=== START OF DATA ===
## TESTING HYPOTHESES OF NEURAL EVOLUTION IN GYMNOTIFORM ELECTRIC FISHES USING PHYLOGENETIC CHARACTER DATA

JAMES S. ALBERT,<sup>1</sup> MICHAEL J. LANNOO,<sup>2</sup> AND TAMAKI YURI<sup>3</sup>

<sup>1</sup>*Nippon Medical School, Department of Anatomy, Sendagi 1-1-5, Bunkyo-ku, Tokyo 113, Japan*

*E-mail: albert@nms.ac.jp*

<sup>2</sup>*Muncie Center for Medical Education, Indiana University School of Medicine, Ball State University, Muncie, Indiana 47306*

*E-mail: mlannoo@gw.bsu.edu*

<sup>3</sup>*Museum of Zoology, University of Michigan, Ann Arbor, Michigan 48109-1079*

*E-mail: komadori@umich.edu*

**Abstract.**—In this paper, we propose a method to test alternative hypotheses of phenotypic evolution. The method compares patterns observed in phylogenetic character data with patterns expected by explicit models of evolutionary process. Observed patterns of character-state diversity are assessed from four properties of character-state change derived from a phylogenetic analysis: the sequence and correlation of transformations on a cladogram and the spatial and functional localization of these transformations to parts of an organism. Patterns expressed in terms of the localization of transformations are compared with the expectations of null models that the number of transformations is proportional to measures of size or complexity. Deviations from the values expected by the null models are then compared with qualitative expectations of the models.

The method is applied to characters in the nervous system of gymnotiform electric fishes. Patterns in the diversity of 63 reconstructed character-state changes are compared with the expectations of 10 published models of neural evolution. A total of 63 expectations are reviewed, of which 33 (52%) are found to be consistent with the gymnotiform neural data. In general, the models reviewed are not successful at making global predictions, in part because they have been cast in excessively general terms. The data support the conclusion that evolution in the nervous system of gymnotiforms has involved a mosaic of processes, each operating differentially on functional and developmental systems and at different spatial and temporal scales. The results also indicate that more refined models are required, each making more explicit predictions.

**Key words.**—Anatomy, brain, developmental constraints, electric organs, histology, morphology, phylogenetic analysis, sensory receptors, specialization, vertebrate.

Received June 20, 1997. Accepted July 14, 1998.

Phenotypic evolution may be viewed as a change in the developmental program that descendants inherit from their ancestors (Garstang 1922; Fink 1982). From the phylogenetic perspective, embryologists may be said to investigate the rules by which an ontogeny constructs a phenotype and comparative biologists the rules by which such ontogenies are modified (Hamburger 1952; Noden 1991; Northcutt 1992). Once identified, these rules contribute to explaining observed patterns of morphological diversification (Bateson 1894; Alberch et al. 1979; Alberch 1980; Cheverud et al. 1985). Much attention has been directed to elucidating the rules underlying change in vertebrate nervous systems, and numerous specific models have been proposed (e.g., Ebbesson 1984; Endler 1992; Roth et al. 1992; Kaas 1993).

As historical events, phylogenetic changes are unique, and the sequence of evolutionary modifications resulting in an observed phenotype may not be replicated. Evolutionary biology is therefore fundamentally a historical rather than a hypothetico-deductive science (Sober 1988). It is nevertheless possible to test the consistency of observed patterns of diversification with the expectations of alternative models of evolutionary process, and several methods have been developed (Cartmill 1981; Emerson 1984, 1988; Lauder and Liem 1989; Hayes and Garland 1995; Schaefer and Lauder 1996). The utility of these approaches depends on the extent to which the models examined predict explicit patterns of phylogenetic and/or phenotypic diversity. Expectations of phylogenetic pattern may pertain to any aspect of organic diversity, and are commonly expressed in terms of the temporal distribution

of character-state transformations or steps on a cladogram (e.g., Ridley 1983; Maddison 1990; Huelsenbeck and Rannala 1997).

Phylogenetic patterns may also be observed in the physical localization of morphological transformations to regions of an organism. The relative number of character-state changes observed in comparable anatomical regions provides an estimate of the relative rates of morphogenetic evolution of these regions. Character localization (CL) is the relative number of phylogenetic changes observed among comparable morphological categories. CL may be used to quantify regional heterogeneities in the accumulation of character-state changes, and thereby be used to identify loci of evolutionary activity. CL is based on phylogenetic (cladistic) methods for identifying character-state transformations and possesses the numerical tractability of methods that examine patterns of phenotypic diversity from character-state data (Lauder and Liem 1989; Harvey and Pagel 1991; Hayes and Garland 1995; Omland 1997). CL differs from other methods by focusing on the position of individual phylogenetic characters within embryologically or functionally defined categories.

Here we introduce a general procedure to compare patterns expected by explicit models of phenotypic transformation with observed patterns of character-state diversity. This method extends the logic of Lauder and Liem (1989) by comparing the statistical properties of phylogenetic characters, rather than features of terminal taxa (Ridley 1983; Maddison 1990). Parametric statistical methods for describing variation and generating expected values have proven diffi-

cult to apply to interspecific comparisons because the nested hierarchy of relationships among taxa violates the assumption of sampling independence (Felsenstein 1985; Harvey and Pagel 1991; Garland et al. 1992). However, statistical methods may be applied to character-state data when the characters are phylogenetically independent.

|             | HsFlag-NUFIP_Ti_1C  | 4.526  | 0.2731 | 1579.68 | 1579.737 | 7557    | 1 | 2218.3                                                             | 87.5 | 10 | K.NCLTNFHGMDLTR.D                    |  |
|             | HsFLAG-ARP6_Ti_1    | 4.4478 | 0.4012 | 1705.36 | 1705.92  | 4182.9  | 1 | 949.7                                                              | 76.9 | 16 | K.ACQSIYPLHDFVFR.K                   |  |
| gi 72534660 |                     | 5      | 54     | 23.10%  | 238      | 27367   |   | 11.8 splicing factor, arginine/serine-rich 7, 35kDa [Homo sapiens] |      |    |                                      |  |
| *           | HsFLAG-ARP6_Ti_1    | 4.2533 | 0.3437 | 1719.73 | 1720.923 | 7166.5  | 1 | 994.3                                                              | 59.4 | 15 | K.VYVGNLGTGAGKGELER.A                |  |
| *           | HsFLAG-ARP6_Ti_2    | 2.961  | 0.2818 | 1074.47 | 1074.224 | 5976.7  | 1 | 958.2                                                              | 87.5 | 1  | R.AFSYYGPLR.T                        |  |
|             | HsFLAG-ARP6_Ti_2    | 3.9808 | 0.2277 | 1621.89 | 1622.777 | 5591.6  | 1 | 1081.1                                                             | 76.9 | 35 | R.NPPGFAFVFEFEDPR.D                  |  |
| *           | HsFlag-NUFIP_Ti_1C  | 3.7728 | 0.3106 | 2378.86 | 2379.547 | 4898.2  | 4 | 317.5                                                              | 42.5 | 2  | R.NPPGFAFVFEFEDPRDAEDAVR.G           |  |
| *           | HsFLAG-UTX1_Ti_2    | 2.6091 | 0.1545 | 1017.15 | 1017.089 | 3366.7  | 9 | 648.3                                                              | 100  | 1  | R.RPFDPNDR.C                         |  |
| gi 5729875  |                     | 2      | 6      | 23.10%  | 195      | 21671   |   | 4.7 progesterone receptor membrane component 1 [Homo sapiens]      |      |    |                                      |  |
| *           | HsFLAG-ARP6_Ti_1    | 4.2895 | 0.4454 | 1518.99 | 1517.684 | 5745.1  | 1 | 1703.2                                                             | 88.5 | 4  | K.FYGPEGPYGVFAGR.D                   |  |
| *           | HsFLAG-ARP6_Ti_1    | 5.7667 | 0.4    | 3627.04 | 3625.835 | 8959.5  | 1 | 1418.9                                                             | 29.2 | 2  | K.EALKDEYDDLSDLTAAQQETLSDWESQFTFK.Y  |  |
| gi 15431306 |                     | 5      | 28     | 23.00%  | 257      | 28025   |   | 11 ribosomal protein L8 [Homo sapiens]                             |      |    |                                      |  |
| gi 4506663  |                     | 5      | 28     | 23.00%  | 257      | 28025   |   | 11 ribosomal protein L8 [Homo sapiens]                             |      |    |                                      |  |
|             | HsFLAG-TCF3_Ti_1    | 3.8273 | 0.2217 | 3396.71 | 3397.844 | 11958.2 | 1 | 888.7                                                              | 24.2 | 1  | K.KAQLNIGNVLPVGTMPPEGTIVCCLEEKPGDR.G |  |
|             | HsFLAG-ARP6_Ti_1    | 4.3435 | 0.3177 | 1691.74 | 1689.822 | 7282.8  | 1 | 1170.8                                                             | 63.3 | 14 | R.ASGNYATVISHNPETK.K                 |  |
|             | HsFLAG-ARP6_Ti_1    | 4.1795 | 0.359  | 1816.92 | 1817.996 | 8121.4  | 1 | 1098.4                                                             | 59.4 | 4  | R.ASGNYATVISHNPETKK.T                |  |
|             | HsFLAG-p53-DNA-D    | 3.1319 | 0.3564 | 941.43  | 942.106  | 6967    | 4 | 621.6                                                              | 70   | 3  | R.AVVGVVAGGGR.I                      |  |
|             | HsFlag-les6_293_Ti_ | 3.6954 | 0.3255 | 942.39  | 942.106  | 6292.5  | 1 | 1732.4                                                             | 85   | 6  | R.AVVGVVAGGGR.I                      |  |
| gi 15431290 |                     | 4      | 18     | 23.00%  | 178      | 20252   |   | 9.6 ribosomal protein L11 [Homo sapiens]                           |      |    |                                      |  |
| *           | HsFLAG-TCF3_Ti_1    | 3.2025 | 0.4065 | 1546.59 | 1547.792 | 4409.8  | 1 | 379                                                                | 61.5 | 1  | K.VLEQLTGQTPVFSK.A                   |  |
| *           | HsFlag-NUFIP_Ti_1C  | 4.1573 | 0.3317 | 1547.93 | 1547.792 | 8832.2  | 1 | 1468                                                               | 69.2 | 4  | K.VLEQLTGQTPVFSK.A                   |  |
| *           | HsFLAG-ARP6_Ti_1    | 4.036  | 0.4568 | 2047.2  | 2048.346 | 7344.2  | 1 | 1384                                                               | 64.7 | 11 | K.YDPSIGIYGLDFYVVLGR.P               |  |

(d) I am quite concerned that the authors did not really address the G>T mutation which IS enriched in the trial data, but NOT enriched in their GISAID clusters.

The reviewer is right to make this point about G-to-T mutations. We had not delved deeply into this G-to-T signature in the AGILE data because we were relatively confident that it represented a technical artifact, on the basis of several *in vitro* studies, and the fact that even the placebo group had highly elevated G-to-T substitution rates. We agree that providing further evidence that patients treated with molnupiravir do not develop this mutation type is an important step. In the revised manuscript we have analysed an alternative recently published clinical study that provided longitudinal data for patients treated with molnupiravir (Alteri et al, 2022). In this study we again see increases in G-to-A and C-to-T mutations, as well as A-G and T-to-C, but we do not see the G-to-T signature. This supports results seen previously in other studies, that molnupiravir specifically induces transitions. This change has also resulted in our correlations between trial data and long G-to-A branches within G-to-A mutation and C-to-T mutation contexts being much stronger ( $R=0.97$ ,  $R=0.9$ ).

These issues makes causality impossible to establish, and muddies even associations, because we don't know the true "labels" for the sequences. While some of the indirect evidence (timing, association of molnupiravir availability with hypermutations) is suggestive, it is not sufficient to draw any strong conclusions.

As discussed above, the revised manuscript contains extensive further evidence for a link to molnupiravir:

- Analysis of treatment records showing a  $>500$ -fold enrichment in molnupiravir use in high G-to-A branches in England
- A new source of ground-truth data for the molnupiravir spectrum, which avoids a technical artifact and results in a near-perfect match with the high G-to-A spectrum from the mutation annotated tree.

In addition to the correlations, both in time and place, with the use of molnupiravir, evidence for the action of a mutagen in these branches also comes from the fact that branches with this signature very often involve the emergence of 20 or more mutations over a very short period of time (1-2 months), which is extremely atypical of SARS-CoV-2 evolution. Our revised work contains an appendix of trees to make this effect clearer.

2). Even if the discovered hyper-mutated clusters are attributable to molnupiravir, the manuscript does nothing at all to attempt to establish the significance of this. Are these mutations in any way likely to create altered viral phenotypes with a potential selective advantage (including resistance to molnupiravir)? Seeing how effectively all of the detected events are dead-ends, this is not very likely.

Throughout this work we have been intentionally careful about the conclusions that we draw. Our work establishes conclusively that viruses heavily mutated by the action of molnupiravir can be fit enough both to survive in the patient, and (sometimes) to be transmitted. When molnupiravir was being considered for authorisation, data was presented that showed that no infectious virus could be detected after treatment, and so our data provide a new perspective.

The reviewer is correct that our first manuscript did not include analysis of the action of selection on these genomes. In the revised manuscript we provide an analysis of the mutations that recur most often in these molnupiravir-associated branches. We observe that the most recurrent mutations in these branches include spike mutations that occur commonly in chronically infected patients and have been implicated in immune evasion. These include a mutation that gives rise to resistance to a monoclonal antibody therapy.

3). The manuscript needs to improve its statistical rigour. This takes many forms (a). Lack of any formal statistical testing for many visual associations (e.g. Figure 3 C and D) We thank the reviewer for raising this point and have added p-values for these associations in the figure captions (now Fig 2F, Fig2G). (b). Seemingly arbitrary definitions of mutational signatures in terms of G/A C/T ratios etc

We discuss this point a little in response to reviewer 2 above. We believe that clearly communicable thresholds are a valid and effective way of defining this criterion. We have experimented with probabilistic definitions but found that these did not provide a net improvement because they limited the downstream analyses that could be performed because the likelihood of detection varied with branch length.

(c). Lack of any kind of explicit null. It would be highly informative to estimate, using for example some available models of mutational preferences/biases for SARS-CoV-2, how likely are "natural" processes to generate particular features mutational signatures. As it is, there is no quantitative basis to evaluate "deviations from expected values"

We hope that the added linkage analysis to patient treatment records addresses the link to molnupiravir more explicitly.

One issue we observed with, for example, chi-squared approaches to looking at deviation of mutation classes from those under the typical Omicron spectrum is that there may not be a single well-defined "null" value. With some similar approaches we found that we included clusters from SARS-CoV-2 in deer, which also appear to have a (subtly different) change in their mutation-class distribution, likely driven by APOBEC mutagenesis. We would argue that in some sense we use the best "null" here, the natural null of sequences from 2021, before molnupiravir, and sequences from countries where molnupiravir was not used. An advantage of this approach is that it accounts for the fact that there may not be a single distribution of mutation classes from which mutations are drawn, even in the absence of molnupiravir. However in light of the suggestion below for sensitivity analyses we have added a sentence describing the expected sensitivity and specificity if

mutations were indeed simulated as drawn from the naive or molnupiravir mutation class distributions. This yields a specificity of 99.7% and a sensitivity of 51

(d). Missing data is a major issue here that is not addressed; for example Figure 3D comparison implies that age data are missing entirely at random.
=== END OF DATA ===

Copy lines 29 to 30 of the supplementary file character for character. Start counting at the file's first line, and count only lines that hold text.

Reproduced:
| *           | HsFLAG-ARP6_Ti_1    | 5.7667 | 0.4    | 3627.04 | 3625.835 | 8959.5  | 1 | 1418.9                                                             | 29.2 | 2  | K.EALKDEYDDLSDLTAAQQETLSDWESQFTFK.Y  |  |
| gi 15431306 |                     | 5      | 28     | 23.00%  | 257      | 28025   |   | 11 ribosomal protein L8 [Homo sapiens]                             |      |    |                                      |  |